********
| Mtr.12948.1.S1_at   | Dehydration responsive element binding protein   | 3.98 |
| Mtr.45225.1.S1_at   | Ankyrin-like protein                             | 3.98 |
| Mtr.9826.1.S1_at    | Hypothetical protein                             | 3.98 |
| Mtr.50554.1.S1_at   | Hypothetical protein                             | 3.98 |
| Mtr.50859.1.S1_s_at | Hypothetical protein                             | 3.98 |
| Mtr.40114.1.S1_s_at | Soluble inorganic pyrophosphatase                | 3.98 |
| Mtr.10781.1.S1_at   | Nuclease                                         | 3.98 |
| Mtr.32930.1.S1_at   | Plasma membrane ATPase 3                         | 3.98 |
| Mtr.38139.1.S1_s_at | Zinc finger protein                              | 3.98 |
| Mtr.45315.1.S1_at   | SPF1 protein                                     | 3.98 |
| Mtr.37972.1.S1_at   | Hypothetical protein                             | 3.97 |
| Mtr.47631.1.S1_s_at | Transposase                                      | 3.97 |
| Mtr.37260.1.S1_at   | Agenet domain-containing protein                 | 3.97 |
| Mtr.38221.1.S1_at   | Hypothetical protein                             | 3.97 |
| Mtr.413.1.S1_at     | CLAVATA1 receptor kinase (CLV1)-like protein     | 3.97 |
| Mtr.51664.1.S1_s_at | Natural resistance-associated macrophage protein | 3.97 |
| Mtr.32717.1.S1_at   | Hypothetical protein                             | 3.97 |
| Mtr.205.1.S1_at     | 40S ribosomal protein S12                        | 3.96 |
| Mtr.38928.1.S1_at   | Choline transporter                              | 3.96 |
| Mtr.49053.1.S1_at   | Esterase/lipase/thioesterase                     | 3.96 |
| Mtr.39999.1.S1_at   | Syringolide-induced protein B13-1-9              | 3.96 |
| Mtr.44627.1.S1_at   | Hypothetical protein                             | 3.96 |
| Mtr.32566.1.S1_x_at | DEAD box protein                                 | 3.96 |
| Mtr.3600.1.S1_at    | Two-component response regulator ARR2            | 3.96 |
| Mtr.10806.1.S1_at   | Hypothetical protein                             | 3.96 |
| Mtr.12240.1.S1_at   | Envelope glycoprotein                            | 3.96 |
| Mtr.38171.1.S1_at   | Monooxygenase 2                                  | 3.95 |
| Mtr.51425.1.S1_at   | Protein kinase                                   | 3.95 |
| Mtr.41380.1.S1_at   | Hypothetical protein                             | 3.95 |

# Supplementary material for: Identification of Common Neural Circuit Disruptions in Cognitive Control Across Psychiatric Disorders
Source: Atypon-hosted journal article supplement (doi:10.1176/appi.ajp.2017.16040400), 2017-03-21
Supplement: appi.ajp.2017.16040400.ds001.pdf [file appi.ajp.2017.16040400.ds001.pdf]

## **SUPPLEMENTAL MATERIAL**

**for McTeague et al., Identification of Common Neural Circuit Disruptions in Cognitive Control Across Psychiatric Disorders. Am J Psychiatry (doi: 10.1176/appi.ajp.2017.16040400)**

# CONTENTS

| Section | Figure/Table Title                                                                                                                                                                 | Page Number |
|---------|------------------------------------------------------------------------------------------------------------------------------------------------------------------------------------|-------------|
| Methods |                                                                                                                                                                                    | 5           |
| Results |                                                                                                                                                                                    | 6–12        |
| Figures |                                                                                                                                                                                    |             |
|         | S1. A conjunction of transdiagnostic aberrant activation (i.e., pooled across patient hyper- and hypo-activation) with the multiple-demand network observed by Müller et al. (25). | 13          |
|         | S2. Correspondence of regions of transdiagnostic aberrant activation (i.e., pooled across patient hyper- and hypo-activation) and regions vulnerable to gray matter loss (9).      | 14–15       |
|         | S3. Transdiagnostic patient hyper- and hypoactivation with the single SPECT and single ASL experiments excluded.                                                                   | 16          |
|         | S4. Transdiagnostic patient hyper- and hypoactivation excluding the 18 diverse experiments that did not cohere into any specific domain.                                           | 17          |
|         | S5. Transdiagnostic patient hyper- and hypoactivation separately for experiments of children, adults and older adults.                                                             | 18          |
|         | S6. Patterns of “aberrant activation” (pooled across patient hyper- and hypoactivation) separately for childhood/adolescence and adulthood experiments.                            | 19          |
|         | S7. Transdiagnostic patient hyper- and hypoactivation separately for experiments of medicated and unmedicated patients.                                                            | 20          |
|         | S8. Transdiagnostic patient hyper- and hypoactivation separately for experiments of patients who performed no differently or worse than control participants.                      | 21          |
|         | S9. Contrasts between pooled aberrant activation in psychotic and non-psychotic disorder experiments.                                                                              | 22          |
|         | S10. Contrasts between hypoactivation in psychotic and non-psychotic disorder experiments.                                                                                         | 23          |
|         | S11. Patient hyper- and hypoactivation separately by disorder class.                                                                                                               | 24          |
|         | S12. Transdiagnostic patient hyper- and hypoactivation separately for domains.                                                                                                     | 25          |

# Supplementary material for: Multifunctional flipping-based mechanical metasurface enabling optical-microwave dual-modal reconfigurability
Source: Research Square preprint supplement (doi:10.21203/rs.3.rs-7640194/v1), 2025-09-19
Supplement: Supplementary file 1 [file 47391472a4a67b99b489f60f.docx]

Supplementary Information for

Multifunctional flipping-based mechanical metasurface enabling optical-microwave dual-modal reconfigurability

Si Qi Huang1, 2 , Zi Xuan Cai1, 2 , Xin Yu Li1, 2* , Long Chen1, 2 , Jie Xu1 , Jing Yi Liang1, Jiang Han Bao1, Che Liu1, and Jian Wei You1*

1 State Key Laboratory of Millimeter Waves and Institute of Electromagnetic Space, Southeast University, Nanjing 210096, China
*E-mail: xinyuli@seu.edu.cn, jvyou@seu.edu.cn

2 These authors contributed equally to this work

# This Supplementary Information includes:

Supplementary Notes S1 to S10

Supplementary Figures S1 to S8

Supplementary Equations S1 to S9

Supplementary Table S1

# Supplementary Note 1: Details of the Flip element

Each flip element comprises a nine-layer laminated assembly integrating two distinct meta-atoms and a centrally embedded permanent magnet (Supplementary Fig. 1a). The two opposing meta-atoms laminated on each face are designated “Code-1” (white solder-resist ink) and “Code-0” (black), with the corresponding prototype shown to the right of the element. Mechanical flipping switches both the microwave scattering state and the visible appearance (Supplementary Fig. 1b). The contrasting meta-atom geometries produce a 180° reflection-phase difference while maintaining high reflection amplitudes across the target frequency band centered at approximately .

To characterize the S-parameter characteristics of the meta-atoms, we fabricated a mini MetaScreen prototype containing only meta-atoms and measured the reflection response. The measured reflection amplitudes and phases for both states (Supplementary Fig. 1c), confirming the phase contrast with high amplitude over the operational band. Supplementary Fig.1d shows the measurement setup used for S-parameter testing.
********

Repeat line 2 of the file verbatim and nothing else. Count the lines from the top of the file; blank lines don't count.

| Mtr.45225.1.S1_at   | Ankyrin-like protein                             | 3.98 |